Went slowly from the Persian shore—
No music timed her parting oar,
Nor friends upon the lessening strand
Linger'd, to wave the unseen hand,
Or speak the farewell, heard no more ;—
But lone, unheeded, from the bay
The vessel takes its mournful way,
Like some ill-destined bark that steers
In silence through the Gate of Tears.

And where was stern Al Hassan then?
Could not that saintly scourge of men
From bloodshed and devotion spare
One minute for a farewell there?
No-close within, in changeful fits
Of cursing and of prayer, he sits
In savage loneliness to brood
Upon the coming night of blood,

With that keen, second-scent of death, By which the vulture snuffs his food

In the still warm and living breath! While o'er the wave his weeping daughter Is wafted from these scenes of slaughter,―

As a young bird of Babylon,
Let loose to tell of victory won,
Flies home, with wing, ah! not unstain'd
By the red hands that held her chain'd.

And does the long-left home she seeks
Light up no gladness on her cheeks?
The flowers she nursed-the well-known groves,
Where oft in dreams her spirit roves―
Once more to see her dear gazelles
Come bounding with their silver bells;
Her birds' new plumage to behold,

And the gay, gleaming fishes count,
She left, all filleted with gold,

Shooting around their jasper fount. Her little garden mosque to see,

And once again, at evening hour, To tell her ruby rosary

In her own sweet acacia bower.—
Can these delights, that wait her now,
Call up no sunshine on her brow?
No-silent, from her train apart,-
As if even now she felt at heart
The chill of her approaching doom,—
She sits, all lovely in her gloom
As a pale angel of the grave;
And o'er the wide, tempestuous wave,
Looks, with a shudder, to those towers,
Where in a few short awful hours,
Blood, blood, in steaming tides shall run,
Foul incense for to-morrow's sun!
"Where art thou, glorious stranger! thou,
So loved, so lost, where art thou now?

Th' unhallow'd name thou'rt doom'd to bear,
Still glorious-still to this fond heart
Dear as its blood, whate'er thou art!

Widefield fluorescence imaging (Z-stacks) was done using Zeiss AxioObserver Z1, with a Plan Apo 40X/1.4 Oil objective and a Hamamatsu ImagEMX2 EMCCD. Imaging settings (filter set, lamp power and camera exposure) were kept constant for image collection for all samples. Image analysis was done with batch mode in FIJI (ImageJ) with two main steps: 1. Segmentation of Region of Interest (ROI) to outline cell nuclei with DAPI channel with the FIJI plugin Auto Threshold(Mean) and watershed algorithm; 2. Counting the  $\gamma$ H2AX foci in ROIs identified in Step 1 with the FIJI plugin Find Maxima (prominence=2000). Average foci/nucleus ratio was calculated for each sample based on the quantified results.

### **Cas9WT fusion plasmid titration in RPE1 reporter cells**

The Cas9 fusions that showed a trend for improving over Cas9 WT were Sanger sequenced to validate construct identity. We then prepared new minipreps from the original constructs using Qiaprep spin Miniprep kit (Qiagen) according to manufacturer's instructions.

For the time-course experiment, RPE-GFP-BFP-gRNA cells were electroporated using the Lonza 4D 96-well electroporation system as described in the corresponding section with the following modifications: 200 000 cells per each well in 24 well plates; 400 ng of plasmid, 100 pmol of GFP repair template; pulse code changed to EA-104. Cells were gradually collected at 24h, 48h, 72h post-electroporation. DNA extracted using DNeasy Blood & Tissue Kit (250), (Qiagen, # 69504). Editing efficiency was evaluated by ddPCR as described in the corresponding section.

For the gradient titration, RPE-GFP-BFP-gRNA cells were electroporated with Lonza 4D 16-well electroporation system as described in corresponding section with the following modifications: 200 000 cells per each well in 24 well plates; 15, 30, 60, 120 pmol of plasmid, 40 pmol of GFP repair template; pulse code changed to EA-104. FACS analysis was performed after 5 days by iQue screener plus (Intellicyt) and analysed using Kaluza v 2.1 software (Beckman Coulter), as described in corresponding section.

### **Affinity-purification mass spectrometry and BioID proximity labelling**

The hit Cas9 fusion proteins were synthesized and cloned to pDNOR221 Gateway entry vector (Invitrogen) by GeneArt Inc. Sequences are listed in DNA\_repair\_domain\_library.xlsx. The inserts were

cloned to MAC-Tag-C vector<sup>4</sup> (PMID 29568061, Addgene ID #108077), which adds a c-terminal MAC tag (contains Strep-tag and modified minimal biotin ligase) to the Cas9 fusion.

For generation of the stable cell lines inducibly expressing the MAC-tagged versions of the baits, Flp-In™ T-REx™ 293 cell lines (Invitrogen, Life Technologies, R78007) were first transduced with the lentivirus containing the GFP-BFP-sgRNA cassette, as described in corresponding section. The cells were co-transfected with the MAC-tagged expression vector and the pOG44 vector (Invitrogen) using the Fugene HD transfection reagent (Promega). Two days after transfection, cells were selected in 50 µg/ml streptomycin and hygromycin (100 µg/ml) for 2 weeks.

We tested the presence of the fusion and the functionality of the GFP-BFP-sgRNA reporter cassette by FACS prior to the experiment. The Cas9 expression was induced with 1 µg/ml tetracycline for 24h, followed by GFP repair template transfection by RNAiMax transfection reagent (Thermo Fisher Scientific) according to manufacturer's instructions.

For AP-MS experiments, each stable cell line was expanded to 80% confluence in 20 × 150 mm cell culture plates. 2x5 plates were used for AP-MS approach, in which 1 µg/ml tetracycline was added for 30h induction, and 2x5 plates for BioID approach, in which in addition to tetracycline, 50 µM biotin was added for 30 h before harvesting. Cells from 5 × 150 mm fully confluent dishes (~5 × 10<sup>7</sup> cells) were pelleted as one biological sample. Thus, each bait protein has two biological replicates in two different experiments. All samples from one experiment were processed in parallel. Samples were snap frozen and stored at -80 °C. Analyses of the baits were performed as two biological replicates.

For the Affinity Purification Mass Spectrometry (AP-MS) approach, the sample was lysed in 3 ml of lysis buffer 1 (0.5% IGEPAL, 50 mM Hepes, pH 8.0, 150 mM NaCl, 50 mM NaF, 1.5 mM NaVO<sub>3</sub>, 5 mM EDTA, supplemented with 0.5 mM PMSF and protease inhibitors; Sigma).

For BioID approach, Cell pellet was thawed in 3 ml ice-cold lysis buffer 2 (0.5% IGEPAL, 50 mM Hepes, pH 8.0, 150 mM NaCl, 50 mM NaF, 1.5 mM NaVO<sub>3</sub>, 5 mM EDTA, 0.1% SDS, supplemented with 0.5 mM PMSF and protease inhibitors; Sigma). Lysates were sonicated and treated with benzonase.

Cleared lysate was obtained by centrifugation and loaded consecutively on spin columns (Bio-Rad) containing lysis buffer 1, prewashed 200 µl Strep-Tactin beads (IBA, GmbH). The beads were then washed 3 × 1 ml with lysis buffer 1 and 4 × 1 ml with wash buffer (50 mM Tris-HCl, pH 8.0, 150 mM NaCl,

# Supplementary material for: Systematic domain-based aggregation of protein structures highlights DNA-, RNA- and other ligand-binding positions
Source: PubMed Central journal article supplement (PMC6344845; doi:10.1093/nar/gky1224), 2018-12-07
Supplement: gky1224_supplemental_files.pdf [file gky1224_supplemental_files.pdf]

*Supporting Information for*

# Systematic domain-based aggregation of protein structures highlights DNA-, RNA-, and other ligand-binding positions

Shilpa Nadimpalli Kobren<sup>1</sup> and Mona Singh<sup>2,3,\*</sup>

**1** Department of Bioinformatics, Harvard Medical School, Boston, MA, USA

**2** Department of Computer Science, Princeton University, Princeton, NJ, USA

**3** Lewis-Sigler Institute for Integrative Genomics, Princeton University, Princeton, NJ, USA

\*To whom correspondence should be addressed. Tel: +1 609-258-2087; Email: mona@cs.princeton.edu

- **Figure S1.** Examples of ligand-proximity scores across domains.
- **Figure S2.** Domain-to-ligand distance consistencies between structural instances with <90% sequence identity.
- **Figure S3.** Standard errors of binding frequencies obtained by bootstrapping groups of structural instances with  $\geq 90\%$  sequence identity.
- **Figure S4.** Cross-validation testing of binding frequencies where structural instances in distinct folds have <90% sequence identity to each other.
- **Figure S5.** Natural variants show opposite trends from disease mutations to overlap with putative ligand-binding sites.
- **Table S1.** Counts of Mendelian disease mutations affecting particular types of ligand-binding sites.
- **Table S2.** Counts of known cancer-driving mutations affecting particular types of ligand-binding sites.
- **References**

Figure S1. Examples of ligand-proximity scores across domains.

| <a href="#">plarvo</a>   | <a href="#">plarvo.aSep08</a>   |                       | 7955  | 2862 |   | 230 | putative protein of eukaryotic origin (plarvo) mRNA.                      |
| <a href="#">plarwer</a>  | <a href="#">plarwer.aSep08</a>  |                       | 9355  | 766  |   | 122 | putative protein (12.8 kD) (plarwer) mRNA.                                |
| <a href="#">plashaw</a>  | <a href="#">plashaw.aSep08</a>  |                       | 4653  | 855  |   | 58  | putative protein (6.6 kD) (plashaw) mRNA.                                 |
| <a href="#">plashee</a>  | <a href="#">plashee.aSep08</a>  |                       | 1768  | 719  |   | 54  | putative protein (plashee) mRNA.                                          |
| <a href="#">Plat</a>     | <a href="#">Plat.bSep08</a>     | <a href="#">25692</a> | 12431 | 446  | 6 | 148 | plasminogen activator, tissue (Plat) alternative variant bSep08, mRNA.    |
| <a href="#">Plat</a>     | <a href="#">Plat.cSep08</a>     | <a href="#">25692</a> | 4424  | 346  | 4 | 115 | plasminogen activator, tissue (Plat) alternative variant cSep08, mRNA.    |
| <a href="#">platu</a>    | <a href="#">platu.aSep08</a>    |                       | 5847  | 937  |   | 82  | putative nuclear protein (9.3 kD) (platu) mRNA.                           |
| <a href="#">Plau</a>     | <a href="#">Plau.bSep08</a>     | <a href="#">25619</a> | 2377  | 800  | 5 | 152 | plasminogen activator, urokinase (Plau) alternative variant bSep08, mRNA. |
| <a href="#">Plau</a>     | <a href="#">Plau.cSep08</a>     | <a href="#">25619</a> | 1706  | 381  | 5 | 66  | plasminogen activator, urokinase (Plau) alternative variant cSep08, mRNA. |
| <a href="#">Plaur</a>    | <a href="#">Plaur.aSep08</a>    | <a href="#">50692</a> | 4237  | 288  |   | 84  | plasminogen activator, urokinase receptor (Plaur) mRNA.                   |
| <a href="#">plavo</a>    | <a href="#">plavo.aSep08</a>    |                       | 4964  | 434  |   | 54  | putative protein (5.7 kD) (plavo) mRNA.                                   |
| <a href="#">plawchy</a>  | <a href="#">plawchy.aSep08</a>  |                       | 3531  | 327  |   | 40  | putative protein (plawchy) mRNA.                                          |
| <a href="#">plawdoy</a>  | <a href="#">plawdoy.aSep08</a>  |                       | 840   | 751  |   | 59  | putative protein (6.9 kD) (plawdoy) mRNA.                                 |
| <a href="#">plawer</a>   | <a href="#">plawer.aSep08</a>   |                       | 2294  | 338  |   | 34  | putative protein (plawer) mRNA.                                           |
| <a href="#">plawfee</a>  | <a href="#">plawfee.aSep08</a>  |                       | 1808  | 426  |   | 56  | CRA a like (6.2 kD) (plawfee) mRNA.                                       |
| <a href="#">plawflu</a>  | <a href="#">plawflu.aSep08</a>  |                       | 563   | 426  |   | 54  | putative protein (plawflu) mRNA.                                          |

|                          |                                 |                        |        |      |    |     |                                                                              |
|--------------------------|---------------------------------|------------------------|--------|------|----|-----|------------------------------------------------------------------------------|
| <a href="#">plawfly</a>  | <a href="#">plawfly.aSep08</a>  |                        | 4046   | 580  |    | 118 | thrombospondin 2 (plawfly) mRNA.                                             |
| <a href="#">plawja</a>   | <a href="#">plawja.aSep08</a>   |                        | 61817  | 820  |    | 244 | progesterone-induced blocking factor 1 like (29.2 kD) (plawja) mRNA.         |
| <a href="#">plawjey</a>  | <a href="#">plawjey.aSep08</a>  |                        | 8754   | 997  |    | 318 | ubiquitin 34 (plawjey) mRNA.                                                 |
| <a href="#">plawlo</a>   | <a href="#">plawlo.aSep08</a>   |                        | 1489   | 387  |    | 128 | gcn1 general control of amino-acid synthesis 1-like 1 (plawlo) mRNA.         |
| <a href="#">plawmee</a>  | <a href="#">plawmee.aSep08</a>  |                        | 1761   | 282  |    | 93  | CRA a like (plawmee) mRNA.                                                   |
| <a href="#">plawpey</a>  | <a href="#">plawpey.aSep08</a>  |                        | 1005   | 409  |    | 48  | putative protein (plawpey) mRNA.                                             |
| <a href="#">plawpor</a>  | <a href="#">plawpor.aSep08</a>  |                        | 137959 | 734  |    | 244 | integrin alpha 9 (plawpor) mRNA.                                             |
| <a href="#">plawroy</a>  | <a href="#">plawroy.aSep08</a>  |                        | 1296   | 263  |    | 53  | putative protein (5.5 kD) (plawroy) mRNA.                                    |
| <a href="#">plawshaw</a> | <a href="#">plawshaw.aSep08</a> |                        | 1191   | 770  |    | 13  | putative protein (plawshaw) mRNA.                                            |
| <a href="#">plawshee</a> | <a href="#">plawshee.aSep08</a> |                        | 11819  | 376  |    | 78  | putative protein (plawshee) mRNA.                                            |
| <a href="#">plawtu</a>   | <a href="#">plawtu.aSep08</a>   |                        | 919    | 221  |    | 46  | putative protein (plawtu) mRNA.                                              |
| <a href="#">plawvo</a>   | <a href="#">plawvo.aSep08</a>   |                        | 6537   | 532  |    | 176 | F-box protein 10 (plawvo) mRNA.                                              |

Welcome, terrific glen!" he said, "Thy gloom, that Eblis' self might dread, Is heaven to him who flies from chains!" O'er a dark, narrow bridgeway, known To him and to his chiefs alone, They cross'd the chasm and gain'd the

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towers :

"This home," he cried, "at least is ours—
Here we may bleed, unmock'd by hymns
Of Moslem triumph o'er our head;
Here we may fall, nor leave our limbs
To quiver to the Moslem's tread.
Stretch'd on this rock, while vultures' beaks
Are whetted on our yet warm cheeks,
Here,-happy that no tyrant's eye
Gloats on our torments-we may die!"
'Twas night when to those towers they came,
And gloomily the fitful flame,

That from the ruin'd altar broke,
Glared on his features, as he spoke
"Tis o'er-what men could do, we've done—
If Iran will look tamely on,

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And see her priests, her warriors, driven
Before a sensual bigot's nod,

A wretch, who takes his lusts to heaven,
And makes a pander of his God!
If her proud sons, her high-born souls,
Men, in whose veins-O last disgrace!
The blood of Zal and Rustam rolls,-

If they will court this upstart race,
And turn from Mithra's ancient ray,
To kneel at shrines of yesterday!-
If they will crouch to Iran's foes,

Why, let them-till the land's despair
Cries out to heaven, and bondage grows
Too vile for e'en the vile to bear!
Till shame at last, long hidden, burns
Their inmost core, and conscience turns